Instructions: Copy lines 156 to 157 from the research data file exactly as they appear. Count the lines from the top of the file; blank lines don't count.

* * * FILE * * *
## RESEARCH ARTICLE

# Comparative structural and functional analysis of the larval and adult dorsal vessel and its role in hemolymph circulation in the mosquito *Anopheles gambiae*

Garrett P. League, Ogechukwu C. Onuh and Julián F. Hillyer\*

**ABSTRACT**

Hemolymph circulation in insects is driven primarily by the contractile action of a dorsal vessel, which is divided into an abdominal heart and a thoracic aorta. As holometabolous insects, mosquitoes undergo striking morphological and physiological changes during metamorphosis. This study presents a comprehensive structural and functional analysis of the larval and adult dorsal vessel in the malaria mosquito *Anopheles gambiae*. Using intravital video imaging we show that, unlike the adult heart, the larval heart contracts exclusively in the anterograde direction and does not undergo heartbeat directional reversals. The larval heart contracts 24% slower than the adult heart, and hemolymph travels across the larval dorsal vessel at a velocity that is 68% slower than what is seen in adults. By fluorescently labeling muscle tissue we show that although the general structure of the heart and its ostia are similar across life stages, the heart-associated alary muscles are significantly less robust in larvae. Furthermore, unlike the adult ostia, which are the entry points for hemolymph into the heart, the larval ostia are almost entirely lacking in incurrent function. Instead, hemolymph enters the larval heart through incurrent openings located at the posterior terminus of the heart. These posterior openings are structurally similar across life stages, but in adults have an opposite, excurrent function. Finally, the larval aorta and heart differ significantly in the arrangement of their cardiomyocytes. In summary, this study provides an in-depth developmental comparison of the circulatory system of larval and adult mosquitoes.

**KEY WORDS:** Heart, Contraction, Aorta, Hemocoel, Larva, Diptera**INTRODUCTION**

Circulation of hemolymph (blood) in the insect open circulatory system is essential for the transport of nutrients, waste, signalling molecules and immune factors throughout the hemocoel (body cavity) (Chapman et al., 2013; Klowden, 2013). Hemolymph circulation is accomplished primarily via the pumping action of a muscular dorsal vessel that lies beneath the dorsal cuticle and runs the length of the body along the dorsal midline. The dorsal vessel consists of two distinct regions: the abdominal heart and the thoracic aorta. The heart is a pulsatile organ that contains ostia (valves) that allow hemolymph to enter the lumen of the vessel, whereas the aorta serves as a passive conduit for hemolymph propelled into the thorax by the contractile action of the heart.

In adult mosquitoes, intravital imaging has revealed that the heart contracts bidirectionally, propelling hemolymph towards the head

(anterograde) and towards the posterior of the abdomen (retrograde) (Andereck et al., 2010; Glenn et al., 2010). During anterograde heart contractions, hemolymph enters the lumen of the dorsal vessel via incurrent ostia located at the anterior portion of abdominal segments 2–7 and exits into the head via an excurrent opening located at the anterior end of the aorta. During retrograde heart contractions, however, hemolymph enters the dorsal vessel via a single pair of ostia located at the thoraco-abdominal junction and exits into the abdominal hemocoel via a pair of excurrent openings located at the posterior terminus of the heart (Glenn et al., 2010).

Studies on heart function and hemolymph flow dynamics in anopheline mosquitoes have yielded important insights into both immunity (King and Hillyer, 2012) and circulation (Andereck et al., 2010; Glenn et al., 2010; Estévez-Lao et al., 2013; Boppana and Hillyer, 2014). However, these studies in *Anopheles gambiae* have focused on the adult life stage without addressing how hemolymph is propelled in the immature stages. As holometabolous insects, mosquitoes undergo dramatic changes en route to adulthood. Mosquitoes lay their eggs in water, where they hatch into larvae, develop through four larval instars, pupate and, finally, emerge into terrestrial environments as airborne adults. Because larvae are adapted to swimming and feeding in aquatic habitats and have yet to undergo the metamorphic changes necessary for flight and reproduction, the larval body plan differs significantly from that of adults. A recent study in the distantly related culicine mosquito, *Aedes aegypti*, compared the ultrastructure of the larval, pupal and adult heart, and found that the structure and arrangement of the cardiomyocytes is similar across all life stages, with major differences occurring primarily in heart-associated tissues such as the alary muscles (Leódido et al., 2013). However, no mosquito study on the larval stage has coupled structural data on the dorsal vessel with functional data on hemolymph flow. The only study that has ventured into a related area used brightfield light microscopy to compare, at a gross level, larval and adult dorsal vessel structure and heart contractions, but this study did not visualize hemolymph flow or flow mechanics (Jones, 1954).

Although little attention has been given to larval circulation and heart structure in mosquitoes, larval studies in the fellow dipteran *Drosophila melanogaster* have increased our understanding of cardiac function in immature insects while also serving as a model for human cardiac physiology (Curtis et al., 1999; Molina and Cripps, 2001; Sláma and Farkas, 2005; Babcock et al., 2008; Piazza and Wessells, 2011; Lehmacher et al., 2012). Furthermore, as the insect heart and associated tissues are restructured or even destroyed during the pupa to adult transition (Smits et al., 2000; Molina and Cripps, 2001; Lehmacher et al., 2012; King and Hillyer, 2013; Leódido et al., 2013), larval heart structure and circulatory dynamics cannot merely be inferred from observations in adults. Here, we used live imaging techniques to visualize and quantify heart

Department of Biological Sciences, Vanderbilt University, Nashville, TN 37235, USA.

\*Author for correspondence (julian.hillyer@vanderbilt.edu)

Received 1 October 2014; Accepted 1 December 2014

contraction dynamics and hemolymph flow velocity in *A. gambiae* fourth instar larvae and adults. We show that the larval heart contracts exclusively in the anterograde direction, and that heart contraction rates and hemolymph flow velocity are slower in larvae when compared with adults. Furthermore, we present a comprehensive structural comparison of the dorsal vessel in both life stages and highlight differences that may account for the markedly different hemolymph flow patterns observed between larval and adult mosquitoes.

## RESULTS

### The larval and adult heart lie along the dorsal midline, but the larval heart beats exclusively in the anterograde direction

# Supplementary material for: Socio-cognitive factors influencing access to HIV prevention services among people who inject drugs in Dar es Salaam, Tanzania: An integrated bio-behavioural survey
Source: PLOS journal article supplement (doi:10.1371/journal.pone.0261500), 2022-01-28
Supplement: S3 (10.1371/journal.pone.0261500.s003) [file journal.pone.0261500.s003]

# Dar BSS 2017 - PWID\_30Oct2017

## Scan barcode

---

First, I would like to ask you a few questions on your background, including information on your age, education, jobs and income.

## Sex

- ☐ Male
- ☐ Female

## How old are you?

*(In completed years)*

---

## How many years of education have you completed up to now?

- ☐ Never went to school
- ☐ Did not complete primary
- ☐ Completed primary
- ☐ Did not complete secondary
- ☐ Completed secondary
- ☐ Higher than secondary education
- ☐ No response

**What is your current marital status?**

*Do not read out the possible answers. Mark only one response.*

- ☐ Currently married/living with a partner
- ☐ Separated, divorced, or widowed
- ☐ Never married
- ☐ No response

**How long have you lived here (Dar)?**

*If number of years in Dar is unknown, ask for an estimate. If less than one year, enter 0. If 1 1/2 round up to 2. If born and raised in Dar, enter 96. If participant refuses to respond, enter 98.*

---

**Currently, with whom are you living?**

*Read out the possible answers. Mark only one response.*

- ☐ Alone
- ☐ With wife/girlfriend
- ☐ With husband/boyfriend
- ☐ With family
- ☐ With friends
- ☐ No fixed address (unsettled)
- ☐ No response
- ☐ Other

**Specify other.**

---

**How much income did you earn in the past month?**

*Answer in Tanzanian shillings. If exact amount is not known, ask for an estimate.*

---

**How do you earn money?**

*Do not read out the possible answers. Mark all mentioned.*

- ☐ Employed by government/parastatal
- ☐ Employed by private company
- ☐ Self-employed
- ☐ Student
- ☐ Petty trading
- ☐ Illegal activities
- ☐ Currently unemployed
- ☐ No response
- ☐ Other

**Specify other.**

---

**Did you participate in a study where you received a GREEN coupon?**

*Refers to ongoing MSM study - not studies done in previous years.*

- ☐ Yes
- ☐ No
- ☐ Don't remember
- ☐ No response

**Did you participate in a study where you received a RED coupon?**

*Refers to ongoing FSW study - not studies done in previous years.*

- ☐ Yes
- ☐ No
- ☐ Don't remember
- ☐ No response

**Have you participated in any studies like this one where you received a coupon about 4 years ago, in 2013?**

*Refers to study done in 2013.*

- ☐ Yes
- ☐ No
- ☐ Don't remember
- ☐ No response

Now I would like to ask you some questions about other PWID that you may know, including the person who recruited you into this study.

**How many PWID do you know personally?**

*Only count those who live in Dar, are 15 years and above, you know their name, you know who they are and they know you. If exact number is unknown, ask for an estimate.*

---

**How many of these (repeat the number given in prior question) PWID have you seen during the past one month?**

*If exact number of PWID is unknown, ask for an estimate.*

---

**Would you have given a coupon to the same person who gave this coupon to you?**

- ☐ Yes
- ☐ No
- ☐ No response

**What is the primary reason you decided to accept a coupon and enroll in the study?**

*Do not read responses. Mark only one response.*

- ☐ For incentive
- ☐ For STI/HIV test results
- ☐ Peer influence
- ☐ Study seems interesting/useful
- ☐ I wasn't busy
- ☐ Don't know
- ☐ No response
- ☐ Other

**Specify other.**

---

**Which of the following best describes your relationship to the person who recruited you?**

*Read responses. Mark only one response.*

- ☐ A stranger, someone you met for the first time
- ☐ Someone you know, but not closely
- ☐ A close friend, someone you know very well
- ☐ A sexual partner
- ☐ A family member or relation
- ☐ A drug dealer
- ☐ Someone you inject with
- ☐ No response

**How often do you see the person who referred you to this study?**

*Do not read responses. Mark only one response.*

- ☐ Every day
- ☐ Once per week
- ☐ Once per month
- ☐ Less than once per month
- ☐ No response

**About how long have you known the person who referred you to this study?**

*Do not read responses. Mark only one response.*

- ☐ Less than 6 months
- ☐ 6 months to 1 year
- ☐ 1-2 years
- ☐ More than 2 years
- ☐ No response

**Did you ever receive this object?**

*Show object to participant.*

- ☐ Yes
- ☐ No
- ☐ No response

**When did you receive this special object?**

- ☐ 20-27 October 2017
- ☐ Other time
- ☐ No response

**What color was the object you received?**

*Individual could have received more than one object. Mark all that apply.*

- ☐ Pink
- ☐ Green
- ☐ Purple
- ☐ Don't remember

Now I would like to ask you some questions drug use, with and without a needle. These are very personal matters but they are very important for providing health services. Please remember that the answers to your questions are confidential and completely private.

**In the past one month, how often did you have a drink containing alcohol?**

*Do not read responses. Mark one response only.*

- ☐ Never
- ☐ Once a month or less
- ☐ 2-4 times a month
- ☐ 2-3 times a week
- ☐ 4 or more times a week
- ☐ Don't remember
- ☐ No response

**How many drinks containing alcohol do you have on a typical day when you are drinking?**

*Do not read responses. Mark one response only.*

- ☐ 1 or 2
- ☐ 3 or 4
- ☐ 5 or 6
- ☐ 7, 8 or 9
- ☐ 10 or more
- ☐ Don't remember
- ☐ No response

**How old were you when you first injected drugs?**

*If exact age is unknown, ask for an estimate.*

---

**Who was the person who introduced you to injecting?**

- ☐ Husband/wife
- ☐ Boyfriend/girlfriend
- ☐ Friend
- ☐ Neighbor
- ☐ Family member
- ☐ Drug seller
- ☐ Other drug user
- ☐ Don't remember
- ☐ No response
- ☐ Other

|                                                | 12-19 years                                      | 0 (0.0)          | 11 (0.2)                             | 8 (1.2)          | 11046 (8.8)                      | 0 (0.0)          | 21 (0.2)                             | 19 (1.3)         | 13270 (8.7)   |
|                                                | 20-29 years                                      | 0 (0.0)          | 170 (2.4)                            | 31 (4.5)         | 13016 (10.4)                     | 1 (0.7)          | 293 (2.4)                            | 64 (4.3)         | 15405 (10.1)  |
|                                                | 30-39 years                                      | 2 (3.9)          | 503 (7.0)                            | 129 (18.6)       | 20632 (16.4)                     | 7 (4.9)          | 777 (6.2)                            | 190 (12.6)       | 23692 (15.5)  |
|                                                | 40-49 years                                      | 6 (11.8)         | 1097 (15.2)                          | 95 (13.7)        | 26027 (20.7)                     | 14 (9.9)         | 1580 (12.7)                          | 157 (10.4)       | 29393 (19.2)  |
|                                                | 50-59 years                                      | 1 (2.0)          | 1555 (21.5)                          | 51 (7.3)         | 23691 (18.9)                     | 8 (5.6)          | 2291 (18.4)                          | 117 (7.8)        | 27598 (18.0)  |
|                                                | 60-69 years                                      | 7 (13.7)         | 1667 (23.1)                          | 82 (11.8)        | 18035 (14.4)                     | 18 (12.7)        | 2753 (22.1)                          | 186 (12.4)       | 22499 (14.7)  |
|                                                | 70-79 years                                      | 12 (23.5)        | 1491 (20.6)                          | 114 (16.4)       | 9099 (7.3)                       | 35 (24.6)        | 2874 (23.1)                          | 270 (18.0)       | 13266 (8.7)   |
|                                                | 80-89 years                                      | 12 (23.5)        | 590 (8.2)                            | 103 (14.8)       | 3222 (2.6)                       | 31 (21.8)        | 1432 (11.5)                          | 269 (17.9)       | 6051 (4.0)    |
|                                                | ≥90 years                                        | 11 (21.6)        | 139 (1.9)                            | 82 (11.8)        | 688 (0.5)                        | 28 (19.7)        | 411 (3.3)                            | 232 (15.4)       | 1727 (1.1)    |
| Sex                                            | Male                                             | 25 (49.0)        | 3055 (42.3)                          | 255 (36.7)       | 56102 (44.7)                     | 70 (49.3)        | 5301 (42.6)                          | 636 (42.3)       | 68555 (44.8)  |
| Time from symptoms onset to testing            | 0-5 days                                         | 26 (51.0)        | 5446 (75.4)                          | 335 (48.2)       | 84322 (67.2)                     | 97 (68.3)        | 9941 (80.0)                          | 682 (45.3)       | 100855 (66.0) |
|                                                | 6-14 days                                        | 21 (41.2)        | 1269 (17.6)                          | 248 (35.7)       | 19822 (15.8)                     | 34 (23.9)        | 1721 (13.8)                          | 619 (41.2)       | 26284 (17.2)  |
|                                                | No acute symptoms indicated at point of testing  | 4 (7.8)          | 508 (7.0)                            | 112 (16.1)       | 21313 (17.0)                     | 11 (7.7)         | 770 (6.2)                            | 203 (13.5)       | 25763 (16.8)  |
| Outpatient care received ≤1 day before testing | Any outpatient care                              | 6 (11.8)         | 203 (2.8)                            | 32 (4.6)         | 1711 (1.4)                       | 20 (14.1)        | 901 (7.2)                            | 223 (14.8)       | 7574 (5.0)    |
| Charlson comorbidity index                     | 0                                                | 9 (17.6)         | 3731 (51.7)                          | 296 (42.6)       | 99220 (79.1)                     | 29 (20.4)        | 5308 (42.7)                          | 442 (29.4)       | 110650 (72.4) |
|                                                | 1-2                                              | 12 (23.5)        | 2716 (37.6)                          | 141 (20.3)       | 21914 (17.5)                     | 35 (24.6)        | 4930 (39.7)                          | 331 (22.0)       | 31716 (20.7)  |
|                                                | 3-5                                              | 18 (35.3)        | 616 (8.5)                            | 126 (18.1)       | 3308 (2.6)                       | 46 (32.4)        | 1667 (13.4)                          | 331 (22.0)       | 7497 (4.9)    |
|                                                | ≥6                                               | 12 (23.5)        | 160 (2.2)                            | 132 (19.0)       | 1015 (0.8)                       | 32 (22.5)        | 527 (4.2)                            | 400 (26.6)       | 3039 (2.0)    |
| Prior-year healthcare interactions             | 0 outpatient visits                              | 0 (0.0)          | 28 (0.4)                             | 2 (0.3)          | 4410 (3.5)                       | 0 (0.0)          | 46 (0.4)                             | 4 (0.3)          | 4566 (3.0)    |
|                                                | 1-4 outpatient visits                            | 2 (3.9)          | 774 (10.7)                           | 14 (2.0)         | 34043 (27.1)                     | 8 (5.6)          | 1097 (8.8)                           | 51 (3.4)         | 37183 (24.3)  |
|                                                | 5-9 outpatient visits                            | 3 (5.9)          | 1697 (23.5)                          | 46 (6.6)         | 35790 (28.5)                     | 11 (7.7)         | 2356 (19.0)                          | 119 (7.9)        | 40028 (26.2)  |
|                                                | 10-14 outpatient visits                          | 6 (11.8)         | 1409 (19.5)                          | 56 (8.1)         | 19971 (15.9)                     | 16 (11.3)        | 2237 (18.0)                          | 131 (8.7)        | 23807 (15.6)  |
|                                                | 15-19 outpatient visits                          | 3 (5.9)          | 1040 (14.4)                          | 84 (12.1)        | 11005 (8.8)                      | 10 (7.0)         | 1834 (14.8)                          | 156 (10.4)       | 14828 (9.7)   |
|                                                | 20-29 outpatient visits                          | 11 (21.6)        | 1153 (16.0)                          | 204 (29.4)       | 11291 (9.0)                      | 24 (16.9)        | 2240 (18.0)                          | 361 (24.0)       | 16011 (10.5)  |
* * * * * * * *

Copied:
Now I would like to ask you some questions drug use, with and without a needle. These are very personal matters but they are very important for providing health services. Please remember that the answers to your questions are confidential and completely private.

**In the past one month, how often did you have a drink containing alcohol?**